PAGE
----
What is Avascular Necrosis?

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  • Written By: Mary McMahon
  • Edited By: Bronwyn Harris
  • Last Modified Date: 10 September 2019
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Avascular necrosis is a medical condition which is caused by a restriction of blood supply to the bones of the body. As a bone is deprived of blood, it starts to weaken and crack, and it will ultimately collapse, potentially causing serious problems. The condition strikes people in all ages and physical conditions, and it requires prompt medical treatment for the best chance at recovery. In some cases, it can become a life long problem which will require extensive monitoring to ensure that the patient's bones stay in good health.

Three leading causes for avascular necrosis are trauma, heavy alcohol consumption, and the use of corticosteroids. The condition can also be caused by sudden decompression, radiation damage, sickle cell anemia, and hypertension, among other things. Sometimes there is no clear explanation for avascular necrosis, in which case it may be known as idiopathic necrosis. Some doctors call the condition osteonecrosis, aseptic necrosis, or ischemic bone necrosis as well.

Joints are common victims of avascular necrosis, especially the hip joints. The condition can also strike the shoulders, knees, and jaw. Typically, the condition is diagnosed after a patient complains of persistent joint pain; if you experience recurrent or persistent pain, it is very important to see a doctor to get to the root cause. The longer avascular necrosis is left untreated, the more damage to the bone the condition can cause; if left for too long, it can result in permanent disability.


To diagnose avascular necrosis, doctors use x-rays, imaging studies, and bone scans to investigate the area in question. Patients can be treated in a variety of ways; there are some medications which can reduce pain and promote bone regrowth, and patients are also encouraged to rest and to use special exercises to gently support the affected area. Surgical treatments include grafts of healthy bone and joint replacement. Doctors also generally like to find and treat the cause of the problem to ensure that it does not recur.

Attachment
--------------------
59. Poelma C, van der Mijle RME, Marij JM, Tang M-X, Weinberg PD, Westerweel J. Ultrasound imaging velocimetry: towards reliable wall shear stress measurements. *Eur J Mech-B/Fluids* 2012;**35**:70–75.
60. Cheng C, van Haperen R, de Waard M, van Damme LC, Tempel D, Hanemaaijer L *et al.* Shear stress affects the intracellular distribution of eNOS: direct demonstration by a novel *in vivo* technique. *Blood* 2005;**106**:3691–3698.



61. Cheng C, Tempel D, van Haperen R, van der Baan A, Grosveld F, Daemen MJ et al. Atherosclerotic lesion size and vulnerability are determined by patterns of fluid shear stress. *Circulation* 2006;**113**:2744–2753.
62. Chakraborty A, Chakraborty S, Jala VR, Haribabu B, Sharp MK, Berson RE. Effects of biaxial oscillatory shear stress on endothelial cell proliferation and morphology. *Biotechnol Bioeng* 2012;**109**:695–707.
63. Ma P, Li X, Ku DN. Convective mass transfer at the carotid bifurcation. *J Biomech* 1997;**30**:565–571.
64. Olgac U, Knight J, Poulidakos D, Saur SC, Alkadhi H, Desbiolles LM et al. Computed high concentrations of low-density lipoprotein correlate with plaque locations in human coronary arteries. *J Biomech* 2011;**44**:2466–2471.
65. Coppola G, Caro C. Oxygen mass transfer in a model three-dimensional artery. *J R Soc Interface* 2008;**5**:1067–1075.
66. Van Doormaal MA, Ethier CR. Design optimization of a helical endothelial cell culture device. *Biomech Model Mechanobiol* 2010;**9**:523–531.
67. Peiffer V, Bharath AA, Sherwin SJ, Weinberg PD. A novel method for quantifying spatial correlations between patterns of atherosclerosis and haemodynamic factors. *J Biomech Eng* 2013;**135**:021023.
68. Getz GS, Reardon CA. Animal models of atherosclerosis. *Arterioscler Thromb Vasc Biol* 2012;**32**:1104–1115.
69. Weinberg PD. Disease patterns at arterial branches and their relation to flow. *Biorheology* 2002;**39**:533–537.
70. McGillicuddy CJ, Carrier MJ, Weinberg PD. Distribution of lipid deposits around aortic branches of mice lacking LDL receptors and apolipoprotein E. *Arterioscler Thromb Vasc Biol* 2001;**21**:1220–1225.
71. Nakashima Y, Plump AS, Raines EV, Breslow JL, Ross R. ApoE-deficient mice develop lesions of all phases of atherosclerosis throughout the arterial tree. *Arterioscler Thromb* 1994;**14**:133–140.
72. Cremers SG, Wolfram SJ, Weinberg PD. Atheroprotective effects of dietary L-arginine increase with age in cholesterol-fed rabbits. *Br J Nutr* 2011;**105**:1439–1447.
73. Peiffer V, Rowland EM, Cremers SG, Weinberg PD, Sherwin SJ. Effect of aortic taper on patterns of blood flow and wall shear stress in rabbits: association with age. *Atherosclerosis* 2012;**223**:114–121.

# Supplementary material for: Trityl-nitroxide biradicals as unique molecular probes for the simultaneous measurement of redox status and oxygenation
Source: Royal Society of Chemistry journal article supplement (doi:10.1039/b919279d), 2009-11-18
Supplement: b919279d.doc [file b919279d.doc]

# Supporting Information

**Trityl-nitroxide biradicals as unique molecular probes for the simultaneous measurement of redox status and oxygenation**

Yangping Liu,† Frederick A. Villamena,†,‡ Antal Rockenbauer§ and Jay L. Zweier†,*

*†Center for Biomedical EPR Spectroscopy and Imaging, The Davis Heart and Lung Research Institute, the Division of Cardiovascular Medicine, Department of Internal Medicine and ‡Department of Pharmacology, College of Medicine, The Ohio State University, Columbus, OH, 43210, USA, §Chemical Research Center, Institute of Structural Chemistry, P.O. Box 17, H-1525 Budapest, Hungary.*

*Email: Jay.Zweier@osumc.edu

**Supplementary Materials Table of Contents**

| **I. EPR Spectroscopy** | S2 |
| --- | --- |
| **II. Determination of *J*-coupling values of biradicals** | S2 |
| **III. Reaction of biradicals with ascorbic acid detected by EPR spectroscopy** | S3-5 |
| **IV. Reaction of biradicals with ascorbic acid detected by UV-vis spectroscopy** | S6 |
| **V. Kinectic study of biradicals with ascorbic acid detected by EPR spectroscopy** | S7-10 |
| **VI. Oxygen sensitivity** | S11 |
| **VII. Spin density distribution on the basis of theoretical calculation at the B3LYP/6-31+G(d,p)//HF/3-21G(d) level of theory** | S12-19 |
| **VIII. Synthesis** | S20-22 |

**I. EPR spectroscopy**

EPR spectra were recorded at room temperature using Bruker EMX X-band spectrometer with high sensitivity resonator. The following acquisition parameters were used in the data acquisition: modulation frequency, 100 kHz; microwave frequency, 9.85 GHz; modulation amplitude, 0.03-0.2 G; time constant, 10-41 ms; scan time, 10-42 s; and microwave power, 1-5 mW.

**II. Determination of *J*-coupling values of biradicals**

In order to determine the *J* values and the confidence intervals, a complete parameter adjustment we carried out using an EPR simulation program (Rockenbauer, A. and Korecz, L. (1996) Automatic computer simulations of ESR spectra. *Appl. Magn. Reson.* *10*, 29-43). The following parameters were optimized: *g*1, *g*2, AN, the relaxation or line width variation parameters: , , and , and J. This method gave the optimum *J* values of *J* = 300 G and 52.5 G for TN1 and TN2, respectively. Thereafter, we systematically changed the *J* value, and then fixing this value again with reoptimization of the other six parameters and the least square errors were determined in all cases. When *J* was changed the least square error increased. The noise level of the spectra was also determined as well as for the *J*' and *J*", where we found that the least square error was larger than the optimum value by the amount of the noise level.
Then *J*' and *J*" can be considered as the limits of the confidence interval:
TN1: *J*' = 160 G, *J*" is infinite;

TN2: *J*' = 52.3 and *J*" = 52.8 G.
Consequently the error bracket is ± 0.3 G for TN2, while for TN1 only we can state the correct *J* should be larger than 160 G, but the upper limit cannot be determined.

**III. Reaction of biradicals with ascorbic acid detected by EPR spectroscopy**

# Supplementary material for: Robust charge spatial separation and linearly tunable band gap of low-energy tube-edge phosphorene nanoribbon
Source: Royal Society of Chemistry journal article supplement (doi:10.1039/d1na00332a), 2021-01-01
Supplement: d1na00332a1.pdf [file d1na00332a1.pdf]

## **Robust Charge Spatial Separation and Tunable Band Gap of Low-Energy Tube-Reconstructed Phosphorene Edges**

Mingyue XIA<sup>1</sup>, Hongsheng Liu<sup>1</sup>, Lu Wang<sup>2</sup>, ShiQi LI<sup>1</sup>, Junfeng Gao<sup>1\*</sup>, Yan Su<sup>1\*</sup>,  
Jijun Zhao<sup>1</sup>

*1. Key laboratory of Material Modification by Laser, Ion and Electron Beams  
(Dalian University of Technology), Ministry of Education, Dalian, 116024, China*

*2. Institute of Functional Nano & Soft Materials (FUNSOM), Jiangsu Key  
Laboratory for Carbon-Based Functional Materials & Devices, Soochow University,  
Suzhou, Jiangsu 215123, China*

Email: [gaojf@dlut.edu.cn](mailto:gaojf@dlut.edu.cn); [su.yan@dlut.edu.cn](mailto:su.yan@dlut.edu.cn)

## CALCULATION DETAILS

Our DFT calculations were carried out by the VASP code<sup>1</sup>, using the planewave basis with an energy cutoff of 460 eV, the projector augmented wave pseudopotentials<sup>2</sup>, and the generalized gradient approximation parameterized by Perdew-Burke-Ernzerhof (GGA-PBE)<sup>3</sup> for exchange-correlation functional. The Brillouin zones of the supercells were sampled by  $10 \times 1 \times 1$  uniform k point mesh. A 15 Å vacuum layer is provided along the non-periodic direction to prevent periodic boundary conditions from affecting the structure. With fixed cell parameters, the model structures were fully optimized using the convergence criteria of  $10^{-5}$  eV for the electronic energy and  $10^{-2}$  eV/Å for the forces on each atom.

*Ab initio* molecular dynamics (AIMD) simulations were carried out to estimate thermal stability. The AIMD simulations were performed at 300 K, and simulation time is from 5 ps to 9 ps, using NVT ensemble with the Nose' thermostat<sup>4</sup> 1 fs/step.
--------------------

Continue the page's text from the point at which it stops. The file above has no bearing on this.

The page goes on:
Blood supply to the bones is very important, as is prompt treatment of any interruption of this blood supply. The prognosis for avascular necrosis varies immensely, depending on the patient's physical condition, where the necrosis strikes, and what stage the condition was at when it was diagnosed. If left for too long, avascular necrosis can cause total bone collapse, which would require extensive surgical treatment. Patients who are fortunate enough to identify problems early may be able to treat the condition with rest, medication, and specialized exercise treatments to promote bone growth and blood flow.


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Post 4

I was diagnosed with avascular necrosis in the spring of 2012 after undergoing a heavy course of prednisone (100 mg/day for almost 6 months). I had been diagnosed with idiopathic orbital inflammatory syndrome, which creates a pseudo-tumor in the eye. After a surgery, a biopsy proved that the tumor kernel was benign, so I came off the prednisone.

I then had a cancer scare in which I had to undergo every test in the book, and they diagnosed avascular necrosis at that time. I went on a walker in March, 2013 and am still on one. I had surgery in April 2013 to remove a cancerous eye and surgery in June 2013 for a core depression on my right hip.

It is now the end of September and both my hips still bother me, I am still on the walker, and am on hydrocodone for pain. I am allergic to most anti-inflammatories (Mobic, Relafan, Neurotin) which, for some reason make the pain worse. I am seriously considering *not* having the surgery on the left hip, considering all I have been through with the right hip. I almost wish they would do hip replacements.

Post 3

@burcidi-- I think in some advanced cases, stem cell treatment is possible. Doctors can take stem cells from the person and inject it into the tissues that have necrosis. I'm not sure how successful or common this treatment is though. My coworker who suffers from avascular necrosis of the hip was talking about it once.

Avascular necrosis is very painful. Most of the time, medications are not enough for the pain. My coworker is on a bunch of medications for it and she still has so much pain. She's thinking about applying for disability retirement because of it.

Post 2

@burcidi-- Many people who have avascular necrosis have surgery, that's true. But it would be wrong to say that everyone who has the condition will need surgery.

Like the article said, sometimes medications that stop or slow down avascular necrosis symptoms may be enough. If the necrosis was not caught early however and there is considerable damage done, surgery will probably be necessary.

The type and seriousness of the surgery also depends on where the avascular necrosis is found.

For example, those with AV of the hips may have to have hip replacement surgery. But those with AV of the knees may require a much minor surgery where the dead bone tissue is cleaned up.

Post 1

I've heard that almost every case of avascular necrosis will require surgery at some point. Is this true?

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